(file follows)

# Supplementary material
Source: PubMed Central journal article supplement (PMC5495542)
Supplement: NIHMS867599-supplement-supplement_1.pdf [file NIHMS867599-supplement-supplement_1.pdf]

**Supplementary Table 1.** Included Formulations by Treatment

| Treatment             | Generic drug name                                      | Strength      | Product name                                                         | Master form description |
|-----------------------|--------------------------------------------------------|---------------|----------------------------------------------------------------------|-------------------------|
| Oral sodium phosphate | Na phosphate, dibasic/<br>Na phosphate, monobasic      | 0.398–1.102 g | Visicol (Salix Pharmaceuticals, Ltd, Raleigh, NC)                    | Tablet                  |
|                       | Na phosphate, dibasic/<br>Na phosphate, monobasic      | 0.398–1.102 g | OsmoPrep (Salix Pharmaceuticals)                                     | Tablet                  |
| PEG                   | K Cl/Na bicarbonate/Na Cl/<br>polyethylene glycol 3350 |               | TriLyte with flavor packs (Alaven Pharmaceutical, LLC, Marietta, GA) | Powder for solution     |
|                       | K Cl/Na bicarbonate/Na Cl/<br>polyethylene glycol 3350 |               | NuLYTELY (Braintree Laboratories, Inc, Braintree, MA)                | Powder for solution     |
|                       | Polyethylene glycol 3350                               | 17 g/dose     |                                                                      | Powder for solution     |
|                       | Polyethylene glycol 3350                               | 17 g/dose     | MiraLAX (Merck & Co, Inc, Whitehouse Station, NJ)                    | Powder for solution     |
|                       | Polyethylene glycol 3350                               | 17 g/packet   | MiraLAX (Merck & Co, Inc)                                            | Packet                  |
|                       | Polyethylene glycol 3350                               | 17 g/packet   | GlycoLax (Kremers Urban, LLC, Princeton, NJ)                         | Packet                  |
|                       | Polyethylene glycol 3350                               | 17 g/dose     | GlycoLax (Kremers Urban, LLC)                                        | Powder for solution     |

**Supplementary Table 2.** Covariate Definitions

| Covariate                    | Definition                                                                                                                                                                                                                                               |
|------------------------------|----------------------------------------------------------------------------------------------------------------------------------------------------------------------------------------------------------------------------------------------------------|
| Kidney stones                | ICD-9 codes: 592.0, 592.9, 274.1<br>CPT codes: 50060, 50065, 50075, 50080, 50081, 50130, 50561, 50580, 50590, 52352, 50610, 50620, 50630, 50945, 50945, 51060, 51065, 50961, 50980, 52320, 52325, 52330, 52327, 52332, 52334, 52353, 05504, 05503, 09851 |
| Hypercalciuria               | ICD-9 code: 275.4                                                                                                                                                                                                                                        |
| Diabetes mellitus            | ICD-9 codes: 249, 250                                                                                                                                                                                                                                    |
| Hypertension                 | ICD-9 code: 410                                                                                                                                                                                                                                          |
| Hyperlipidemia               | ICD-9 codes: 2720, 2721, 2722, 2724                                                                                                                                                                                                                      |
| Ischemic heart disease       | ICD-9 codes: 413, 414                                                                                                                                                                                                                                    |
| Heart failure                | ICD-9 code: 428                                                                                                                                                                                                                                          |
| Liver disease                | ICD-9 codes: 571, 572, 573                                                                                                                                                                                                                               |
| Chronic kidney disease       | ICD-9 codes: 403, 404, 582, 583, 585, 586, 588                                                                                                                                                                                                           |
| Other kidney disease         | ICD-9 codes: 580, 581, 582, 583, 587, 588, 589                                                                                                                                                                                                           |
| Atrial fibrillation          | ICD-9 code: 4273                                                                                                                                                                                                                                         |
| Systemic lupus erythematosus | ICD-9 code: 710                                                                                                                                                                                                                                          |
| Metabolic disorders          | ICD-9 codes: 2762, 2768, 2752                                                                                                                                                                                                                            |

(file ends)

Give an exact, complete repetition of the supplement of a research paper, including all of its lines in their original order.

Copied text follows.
# Supplementary material
Source: PubMed Central journal article supplement (PMC5495542)
Supplement: NIHMS867599-supplement-supplement_1.pdf [file NIHMS867599-supplement-supplement_1.pdf]

**Supplementary Table 1.** Included Formulations by Treatment

| Treatment             | Generic drug name                                      | Strength      | Product name                                                         | Master form description |
|-----------------------|--------------------------------------------------------|---------------|----------------------------------------------------------------------|-------------------------|
| Oral sodium phosphate | Na phosphate, dibasic/<br>Na phosphate, monobasic      | 0.398–1.102 g | Visicol (Salix Pharmaceuticals, Ltd, Raleigh, NC)                    | Tablet                  |
|                       | Na phosphate, dibasic/<br>Na phosphate, monobasic      | 0.398–1.102 g | OsmoPrep (Salix Pharmaceuticals)                                     | Tablet                  |
| PEG                   | K Cl/Na bicarbonate/Na Cl/<br>polyethylene glycol 3350 |               | TriLyte with flavor packs (Alaven Pharmaceutical, LLC, Marietta, GA) | Powder for solution     |
|                       | K Cl/Na bicarbonate/Na Cl/<br>polyethylene glycol 3350 |               | NuLYTELY (Braintree Laboratories, Inc, Braintree, MA)                | Powder for solution     |
|                       | Polyethylene glycol 3350                               | 17 g/dose     |                                                                      | Powder for solution     |
|                       | Polyethylene glycol 3350                               | 17 g/dose     | MiraLAX (Merck & Co, Inc, Whitehouse Station, NJ)                    | Powder for solution     |
|                       | Polyethylene glycol 3350                               | 17 g/packet   | MiraLAX (Merck & Co, Inc)                                            | Packet                  |
|                       | Polyethylene glycol 3350                               | 17 g/packet   | GlycoLax (Kremers Urban, LLC, Princeton, NJ)                         | Packet                  |
|                       | Polyethylene glycol 3350                               | 17 g/dose     | GlycoLax (Kremers Urban, LLC)                                        | Powder for solution     |

**Supplementary Table 2.** Covariate Definitions

| Covariate                    | Definition                                                                                                                                                                                                                                               |
|------------------------------|----------------------------------------------------------------------------------------------------------------------------------------------------------------------------------------------------------------------------------------------------------|
| Kidney stones                | ICD-9 codes: 592.0, 592.9, 274.1<br>CPT codes: 50060, 50065, 50075, 50080, 50081, 50130, 50561, 50580, 50590, 52352, 50610, 50620, 50630, 50945, 50945, 51060, 51065, 50961, 50980, 52320, 52325, 52330, 52327, 52332, 52334, 52353, 05504, 05503, 09851 |
| Hypercalciuria               | ICD-9 code: 275.4                                                                                                                                                                                                                                        |
| Diabetes mellitus            | ICD-9 codes: 249, 250                                                                                                                                                                                                                                    |
| Hypertension                 | ICD-9 code: 410                                                                                                                                                                                                                                          |
| Hyperlipidemia               | ICD-9 codes: 2720, 2721, 2722, 2724                                                                                                                                                                                                                      |
| Ischemic heart disease       | ICD-9 codes: 413, 414                                                                                                                                                                                                                                    |
| Heart failure                | ICD-9 code: 428                                                                                                                                                                                                                                          |
| Liver disease                | ICD-9 codes: 571, 572, 573                                                                                                                                                                                                                               |
| Chronic kidney disease       | ICD-9 codes: 403, 404, 582, 583, 585, 586, 588                                                                                                                                                                                                           |
| Other kidney disease         | ICD-9 codes: 580, 581, 582, 583, 587, 588, 589                                                                                                                                                                                                           |
| Atrial fibrillation          | ICD-9 code: 4273                                                                                                                                                                                                                                         |
| Systemic lupus erythematosus | ICD-9 code: 710                                                                                                                                                                                                                                          |
| Metabolic disorders          | ICD-9 codes: 2762, 2768, 2752                                                                                                                                                                                                                            |